The Top 10 Lies VCs Tell Their Investors

I need to caveat what follows by saying I have many friends who are VCs and I hope nobody takes this personally. I am intentionally being provocative to make the points clear and to perhaps help anyone who is open to taking a hard look at their profession, to take that look.

I don’t believe any VCs that I personally know are intending to take advantage of their limited partners (LPs) or the founders they invest in. On the contrary, most VCs I know seem to be humble, hard working and genuinely care about founders and LPs alike, and they try hard to add as much value to both groups as possible. The following critique is largely an indictment of the systemic deficiencies of the VC industry.

Also, a point of full disclosure: I am a VC (albeit passively) since I have general partner equity in two VC firms. What I tell myself is that by virtue of how differently my VC firms operate, I am not perpetuating the illusions and misalignments of value highlighted below. However, I may have some blind spots, so feel free to challenge me if you notice my pants on fire.

With that in mind, I’m talking in generalities here about the unwitting lies the VC industry tells itself, and thus to their LPs and founders.

Lie #1: We VCs are better than you LPs at picking winners

During the 25 year period ending in 2011, we VCs returned 19% annualized to you, our LP investors. What we didn’t tell you is that you could have gone into the angel investment marketplace blindfolded, throwing darts while drinking from a bottle of tequila and you would have hit 31% annualized.

The truth is, we are not better than you, or anyone for that matter, as it’s impossible to tell winners from losers at the early stages, when one must make their initial picks that they will betting on for the next 10 years or so.

Lie #2: Our diligence process is fiscally and morally responsible

If we can’t pick winners, then spending any time at all — other than making sure founders are not criminals, and doing basic reference checks — is a waste of time and money.

What’s worse is, in the many months between when we first hear of an opportunity and the time we invest, our industry kills many otherwise-viable startups. This is because the founders are systematically misled on two counts: (1) they believe falsely that accepting VC money is good for their business in the long run, and (2) they believe falsely that since we are talking to them, we will likely invest.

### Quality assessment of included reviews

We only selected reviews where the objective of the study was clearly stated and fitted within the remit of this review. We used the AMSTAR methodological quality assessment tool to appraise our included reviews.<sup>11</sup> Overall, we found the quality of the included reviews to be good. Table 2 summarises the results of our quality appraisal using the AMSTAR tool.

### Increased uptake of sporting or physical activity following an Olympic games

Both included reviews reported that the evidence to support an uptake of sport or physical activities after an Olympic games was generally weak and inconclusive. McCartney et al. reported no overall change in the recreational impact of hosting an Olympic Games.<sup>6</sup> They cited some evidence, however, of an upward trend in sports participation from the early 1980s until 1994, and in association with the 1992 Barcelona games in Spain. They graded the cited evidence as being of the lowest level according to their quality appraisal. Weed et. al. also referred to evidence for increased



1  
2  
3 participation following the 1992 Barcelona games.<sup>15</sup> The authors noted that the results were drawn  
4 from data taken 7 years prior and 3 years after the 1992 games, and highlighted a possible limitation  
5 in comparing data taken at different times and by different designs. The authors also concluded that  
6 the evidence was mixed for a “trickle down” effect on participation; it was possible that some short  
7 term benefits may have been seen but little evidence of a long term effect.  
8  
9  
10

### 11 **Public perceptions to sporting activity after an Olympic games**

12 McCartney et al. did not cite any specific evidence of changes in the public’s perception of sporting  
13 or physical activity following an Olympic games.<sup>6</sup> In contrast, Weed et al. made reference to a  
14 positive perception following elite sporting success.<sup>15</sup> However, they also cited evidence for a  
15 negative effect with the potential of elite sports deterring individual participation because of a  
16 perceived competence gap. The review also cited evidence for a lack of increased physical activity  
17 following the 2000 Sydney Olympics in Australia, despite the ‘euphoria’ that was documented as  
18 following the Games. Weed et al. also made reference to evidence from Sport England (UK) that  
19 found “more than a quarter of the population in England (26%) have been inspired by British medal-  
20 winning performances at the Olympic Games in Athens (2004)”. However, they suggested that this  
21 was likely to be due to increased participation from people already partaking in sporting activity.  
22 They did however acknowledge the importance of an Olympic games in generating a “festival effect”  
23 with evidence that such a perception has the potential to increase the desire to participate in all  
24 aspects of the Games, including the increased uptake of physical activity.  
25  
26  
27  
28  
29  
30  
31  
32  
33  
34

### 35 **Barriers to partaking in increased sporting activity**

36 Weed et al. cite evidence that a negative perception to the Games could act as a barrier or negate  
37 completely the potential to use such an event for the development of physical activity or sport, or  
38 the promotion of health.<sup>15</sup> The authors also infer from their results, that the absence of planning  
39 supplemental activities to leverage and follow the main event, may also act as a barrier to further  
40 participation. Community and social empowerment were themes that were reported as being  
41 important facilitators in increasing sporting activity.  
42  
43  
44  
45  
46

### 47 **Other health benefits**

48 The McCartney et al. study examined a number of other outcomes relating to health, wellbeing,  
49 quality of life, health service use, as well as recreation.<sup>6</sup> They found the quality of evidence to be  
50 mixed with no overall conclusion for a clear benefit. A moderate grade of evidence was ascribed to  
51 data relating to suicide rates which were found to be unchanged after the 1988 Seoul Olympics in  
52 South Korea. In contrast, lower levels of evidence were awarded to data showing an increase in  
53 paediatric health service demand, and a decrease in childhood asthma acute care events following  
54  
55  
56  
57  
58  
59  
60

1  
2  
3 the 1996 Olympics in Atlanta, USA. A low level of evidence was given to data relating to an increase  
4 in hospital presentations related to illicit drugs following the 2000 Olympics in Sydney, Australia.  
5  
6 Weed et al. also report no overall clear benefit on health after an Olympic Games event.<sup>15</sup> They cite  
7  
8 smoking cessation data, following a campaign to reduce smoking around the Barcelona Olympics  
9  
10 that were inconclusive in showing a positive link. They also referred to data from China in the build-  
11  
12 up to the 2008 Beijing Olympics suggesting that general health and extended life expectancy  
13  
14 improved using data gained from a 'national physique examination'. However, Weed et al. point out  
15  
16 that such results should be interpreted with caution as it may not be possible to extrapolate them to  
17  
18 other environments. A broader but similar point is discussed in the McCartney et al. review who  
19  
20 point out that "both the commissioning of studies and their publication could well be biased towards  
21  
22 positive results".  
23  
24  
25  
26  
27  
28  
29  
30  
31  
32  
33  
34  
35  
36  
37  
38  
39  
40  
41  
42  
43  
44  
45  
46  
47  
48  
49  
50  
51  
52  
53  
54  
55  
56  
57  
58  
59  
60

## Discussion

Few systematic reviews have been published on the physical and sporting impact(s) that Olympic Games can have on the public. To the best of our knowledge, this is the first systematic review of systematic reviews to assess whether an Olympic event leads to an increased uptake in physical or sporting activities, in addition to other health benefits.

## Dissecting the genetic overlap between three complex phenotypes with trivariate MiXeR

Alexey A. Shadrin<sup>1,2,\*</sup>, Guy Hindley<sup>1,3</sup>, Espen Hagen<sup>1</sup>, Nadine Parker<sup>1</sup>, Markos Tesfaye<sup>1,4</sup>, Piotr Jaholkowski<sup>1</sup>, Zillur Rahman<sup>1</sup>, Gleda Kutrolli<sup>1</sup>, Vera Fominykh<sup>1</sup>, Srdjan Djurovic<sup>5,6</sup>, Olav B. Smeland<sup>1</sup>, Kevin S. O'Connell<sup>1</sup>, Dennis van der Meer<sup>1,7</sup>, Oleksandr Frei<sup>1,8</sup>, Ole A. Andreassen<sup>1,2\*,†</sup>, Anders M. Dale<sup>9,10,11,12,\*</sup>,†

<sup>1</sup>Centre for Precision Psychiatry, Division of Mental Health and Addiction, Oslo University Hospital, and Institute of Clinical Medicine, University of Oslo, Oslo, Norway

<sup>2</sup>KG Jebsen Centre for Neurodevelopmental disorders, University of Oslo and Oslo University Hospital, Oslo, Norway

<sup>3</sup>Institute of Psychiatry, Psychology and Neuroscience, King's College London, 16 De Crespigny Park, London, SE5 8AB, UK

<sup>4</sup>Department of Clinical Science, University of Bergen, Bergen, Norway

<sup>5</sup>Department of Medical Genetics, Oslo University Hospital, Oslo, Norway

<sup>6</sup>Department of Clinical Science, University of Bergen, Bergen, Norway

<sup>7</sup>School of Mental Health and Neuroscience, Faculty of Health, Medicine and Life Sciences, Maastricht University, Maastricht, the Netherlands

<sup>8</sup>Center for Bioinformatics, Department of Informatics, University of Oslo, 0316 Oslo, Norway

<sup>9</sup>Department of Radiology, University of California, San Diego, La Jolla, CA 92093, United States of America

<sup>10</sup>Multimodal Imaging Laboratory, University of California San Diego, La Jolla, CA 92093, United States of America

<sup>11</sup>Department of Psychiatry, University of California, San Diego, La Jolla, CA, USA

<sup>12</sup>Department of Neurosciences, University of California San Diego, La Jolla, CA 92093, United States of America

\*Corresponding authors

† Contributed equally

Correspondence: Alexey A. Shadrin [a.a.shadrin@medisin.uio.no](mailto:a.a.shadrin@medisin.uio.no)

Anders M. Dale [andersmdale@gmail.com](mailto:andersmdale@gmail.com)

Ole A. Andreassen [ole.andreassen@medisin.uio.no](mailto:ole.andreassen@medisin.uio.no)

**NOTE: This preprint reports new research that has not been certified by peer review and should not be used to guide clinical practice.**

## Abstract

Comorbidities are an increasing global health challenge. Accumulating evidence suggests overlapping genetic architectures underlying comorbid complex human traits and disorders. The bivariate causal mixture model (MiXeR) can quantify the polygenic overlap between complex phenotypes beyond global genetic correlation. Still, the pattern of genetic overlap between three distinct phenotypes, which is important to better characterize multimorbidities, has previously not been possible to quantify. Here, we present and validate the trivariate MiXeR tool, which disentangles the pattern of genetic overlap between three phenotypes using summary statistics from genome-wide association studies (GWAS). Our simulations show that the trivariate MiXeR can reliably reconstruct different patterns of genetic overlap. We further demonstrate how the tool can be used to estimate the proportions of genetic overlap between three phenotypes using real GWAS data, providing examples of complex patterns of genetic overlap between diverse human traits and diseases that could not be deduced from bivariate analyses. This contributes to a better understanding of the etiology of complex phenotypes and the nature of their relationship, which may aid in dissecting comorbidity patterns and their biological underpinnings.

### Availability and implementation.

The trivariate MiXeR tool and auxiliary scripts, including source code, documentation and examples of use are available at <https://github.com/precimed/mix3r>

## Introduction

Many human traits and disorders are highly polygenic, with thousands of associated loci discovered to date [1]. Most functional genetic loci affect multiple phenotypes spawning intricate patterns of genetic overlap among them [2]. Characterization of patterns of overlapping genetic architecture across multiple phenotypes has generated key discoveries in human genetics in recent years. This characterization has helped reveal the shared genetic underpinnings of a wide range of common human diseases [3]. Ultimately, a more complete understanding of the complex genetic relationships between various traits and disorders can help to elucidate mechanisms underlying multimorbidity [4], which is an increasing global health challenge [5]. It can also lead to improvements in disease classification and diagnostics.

The first is a lie explained in #6 below. The second is a lie because (a) we talk to hundreds of companies per year and only invest in a few, and (b) even if we do end up investing, it is very likely the founders will run out of money (and close off their other options) before we make our decision to invest. Which means we get great terms at the expense of desperate founders. In the best case this is unintentional on our part, and in the worst case it’s an explicit strategy (called “running out the clock”).

Lie #3: The way to maximize returns is through unicorn IPOs

What’s actually best for returns is investing all your money at the earliest point possible (when valuations are lowest), and exiting before the company is worth $50M.

https://exitround.com/data/

Lie #4: We invest most of the fund’s capital at Series B or later because it’s good for RISK-ADJUSTED returns

We invest most of the money at Series B or later because we are not willing to invest in more than about 10 new companies per year. And since it’s not healthy to invest too much at once into a fledgeling company, we have more capital to deploy than our early-stage deals can handle.

The reason we have too much capital is because it yields risk-free management fees for us (see below).

Lie #5: We invest in just 10 new deals per year because there are only so many good deals

Given that angels invest in 70,000 new deals per year, and given that their returns are almost double that of VC firms, to say there are only a few good deals per year defies both common sense and the actual data.

We invest in so few deals because we are committed to a methodology which justifies wasted diligence effort and sub-optimal returns in the name of more money under management.